is known in West Bengal as Patua, Chitrakar, Patikar and Patidar. In North-West
Bankura and Purulia the Patidar name is more popular, in Birbhum and certain
areas of Midnapore the Chitrakar name is more current and in south-west
Bengal the Patua name is more widely known. Birbhum and Midnapore districts
have the majority of Patuas in West Bengal, distributed over a large number
of villages. The Patuas are generally very poor and socially outcast.
The Patuas in West Bengal may be divided into three
groups, according to the theme or subject they represent on their scrolls.
1. The Patuas who represent mainly
Hindu mythological themes.
2. The Patuas who represent the conception
of Heaven and various kinds of tortures inflicted by Yama the Lord of
Death, on the sinners.
3. The Patuas who represent the theme
of the origin of a tribe (which is mainly the Santhals in Western Bengal)
and the passage of the Dead from this mortal world to life beyond death.
The first group of scroll-painters who deal mainly
with Hindu mythological themes, constitute the most advanced' Hinduized'
group. The terms 'Hinduized ' here does not mean their actual Hinduization,
but their more frequent contact with and economic dependence upon the
surrounding Caste-Hindus who dominate their social environment.
The second group of scroll-painters are Yama-Patuas.
The Yama-Pat is an adaptation of the Chakshu-dan pat for the consumption
of the Hindu. In the Yama-Pat popular Hindu morality tales are included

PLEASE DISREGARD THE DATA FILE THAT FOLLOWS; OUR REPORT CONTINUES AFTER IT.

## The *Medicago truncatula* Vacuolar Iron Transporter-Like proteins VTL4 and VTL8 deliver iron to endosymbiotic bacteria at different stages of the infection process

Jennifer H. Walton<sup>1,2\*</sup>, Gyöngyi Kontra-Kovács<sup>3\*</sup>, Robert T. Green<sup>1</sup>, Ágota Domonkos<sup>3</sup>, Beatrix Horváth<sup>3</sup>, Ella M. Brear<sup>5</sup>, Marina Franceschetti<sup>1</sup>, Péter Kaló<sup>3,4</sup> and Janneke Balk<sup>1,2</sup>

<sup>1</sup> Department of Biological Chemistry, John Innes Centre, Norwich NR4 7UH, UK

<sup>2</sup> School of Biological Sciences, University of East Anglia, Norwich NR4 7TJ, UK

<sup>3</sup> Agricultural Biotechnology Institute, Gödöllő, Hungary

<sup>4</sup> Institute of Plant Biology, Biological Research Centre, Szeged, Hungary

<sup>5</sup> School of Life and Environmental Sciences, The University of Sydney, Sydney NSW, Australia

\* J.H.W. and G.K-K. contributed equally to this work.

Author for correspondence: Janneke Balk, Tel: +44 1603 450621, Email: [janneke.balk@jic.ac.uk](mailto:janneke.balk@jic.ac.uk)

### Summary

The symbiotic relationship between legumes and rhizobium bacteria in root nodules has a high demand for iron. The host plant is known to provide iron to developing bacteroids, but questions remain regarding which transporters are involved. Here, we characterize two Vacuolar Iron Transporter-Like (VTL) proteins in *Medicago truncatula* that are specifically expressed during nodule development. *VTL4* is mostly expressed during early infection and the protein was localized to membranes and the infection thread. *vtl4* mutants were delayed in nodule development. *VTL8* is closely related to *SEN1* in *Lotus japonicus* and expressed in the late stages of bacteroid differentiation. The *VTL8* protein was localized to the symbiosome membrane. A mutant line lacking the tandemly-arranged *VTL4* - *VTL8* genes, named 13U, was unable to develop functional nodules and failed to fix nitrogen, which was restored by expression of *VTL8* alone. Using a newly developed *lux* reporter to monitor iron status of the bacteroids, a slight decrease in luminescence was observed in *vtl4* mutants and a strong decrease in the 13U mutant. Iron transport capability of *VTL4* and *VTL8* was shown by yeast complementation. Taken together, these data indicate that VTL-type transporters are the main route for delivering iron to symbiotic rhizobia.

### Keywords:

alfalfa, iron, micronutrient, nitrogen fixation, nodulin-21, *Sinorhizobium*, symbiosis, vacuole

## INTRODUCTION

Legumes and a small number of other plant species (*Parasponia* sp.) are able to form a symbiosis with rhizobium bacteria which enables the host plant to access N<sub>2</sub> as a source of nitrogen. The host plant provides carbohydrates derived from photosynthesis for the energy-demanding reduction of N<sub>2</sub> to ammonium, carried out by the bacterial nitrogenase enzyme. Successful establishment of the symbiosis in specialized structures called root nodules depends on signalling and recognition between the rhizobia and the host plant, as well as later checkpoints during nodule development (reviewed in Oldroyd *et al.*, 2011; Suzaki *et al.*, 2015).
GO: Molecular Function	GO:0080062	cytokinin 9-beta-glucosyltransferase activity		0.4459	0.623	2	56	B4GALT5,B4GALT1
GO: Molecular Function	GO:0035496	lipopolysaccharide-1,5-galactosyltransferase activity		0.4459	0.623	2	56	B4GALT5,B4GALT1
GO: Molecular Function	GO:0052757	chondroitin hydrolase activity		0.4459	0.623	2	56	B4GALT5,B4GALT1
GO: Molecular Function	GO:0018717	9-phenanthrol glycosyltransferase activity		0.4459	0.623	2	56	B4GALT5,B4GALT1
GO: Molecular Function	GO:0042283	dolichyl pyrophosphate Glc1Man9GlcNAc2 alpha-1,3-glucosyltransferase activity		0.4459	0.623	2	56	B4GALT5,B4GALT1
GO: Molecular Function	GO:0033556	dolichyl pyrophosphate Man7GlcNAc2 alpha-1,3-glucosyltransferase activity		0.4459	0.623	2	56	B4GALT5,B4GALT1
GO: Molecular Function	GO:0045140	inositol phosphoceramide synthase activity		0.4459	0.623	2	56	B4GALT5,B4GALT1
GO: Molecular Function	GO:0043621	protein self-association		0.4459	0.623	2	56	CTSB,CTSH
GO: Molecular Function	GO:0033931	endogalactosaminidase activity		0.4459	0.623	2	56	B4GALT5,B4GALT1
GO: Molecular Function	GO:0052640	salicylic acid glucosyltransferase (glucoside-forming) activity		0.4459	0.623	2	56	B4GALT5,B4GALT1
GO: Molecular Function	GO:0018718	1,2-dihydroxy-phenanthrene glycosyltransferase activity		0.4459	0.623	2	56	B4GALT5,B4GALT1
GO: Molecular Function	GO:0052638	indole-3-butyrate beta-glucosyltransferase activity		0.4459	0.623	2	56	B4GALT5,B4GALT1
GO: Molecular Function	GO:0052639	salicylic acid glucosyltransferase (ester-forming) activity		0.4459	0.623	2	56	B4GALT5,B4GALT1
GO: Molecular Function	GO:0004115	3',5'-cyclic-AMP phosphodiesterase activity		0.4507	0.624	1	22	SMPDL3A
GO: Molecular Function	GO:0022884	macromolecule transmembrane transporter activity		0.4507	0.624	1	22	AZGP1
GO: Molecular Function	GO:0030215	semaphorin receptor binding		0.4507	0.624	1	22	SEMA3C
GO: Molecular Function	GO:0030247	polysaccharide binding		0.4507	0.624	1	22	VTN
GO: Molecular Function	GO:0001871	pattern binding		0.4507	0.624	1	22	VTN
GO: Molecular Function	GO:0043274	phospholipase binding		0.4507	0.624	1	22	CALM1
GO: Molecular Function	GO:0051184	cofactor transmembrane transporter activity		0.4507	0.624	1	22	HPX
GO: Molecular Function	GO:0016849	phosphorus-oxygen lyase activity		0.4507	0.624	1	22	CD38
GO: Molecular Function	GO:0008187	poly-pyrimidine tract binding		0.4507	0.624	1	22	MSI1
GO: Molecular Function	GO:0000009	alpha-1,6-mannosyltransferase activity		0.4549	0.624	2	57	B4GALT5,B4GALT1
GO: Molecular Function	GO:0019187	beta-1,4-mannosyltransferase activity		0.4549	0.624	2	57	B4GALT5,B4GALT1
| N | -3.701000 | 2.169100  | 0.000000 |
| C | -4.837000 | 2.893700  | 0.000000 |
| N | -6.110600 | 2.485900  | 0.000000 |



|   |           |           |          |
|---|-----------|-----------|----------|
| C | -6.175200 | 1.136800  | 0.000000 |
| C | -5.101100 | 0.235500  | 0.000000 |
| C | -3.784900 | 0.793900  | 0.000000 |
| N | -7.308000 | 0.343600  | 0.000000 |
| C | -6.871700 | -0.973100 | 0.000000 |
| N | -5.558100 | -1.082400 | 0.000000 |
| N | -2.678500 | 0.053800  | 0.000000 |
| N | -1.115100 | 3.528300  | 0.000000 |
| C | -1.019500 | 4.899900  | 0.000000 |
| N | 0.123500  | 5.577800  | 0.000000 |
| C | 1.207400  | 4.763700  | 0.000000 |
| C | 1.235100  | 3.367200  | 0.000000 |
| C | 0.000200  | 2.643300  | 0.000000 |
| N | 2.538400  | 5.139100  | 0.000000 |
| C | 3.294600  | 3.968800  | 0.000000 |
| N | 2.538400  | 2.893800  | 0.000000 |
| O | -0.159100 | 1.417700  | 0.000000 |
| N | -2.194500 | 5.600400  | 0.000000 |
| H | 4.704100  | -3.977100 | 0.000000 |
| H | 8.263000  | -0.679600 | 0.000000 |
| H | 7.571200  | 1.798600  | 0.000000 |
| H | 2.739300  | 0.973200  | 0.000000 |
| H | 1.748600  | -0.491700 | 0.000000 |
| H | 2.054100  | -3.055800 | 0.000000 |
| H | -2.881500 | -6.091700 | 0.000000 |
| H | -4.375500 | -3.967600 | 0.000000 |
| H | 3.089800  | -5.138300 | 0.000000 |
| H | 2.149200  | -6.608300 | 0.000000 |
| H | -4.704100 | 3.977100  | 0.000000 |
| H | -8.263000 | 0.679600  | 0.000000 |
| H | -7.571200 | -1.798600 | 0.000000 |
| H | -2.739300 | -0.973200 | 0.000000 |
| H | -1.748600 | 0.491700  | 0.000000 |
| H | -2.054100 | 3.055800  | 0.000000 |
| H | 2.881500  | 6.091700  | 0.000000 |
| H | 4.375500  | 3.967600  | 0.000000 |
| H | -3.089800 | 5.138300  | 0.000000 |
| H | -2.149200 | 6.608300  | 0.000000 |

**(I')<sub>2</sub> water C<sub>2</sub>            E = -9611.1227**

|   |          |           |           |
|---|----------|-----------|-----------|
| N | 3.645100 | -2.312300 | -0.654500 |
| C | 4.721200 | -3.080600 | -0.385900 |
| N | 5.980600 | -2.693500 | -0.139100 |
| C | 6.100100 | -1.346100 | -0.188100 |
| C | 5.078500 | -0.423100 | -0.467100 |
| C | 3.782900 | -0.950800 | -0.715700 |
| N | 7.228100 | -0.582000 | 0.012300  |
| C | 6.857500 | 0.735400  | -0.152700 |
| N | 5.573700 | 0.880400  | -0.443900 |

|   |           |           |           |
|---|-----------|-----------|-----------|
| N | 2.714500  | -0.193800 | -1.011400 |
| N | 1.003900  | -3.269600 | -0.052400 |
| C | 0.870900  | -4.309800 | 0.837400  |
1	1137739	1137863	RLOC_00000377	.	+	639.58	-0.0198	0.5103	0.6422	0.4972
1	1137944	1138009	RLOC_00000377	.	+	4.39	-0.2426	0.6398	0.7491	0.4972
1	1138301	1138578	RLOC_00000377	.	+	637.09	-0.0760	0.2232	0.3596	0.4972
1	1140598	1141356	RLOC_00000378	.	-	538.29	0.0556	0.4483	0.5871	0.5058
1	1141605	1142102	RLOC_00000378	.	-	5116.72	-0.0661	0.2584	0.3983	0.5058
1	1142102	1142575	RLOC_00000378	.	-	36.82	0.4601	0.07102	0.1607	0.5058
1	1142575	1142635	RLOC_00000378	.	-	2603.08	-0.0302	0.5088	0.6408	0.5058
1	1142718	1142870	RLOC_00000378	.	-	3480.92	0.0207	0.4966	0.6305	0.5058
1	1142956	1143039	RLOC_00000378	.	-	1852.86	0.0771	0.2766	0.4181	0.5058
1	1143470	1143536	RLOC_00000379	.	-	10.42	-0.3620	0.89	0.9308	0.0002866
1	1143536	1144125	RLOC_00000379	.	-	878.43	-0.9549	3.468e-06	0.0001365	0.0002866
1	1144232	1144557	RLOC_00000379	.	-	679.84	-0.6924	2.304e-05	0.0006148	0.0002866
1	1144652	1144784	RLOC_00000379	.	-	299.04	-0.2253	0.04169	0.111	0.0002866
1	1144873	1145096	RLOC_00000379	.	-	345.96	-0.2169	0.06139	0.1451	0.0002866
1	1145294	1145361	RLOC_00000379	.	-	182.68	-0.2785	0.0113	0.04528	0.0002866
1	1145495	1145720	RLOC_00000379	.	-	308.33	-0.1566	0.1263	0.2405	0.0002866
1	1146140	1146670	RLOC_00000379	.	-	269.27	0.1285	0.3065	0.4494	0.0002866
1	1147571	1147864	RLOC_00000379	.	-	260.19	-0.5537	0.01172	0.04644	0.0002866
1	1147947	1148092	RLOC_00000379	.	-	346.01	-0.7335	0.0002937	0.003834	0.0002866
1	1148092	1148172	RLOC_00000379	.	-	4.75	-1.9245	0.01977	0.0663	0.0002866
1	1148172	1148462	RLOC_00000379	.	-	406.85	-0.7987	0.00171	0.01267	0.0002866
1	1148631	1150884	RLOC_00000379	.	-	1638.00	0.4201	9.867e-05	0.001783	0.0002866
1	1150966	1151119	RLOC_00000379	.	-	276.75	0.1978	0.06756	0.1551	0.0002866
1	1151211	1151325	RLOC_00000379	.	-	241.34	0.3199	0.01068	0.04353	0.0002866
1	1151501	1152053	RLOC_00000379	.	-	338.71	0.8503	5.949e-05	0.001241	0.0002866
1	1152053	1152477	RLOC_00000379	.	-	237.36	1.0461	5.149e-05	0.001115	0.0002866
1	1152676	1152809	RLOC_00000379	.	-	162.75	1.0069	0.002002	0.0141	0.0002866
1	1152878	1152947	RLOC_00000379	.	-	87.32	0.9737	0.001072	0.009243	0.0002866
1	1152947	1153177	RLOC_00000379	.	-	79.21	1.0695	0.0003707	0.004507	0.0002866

and 'magic' is totally excluded.
The third group of Patuas are largely found in Jhalda,
Barabazar, Manbazar, Jaipur, Raghunathbari and other areas of Purulia
district, in some villages in north-western part of Bankura, such as Bharatpur
near Susunia Hills, in Kalipahari and Geramdi and Salberia. This is predominantly
a tribal zone and among the tribes the Santhals are in majority. In the
past, they used to paint scrolls on the theme of the origin of the Santhals.
The story of the origin of the Santhals was pictorially depicted
through stages on the scroll. The Patidars of this region also demonstrate
a kind of scroll, known as Chakshudan Pat (eye giving scroll), after the
death of a person, before the members of the deceased's family. The Patidar
here performs the role of a tribal magician-priest.
In the traditional style of the Patuas, a fresh spontaneity
of conception and execution can always be discerned. They are never drawn
with the meticulous perfection. It seems there is some influence of Muslim
Calligraphy on the bold and vigorous brush lines of the traditional Patuas.
Pat-Painting can be traced back to the Buddhist and the Jain tradition.
It the richer among the Jains than among the Buddhists.
The Patuas are dying group of folk artists. Those who
are still clinging to the traditional profession are not painters and
do not know the art of painting. They are simply wandering minstrels,
roaming and begging from village to village by entertaining the
poor illiterate villagers with Hindu mythological songs, illustrated
on scrolls. These illustrations or paintings were done by their fathers
The traditional myths of Krishna Radha, Kamalay Kamini,
Manasa etc, represented in the scrolls were being replaced by newly created
myths of British rule generated by the babus and babu-culture. There are
also studies of birds, animals, snakes and fishes.
A large number of Patuas from the western districts
of Bengal started migrating to the city of Calcutta from the beginning
of the 19th century and small settlements of Patuas (like Patuatola of
central Calcutta, Patuapara of Kalighat) sprang up in the neighbourhoods
of important centres of pilgrimage. In these new centers of pilgrimage
in Calcutta a new hybrid style of Patua-painting originated and developed,
mainly under the influence of European artists and their art-works. One
of such notable centres was Kalighat, the most important centre of pilgrimage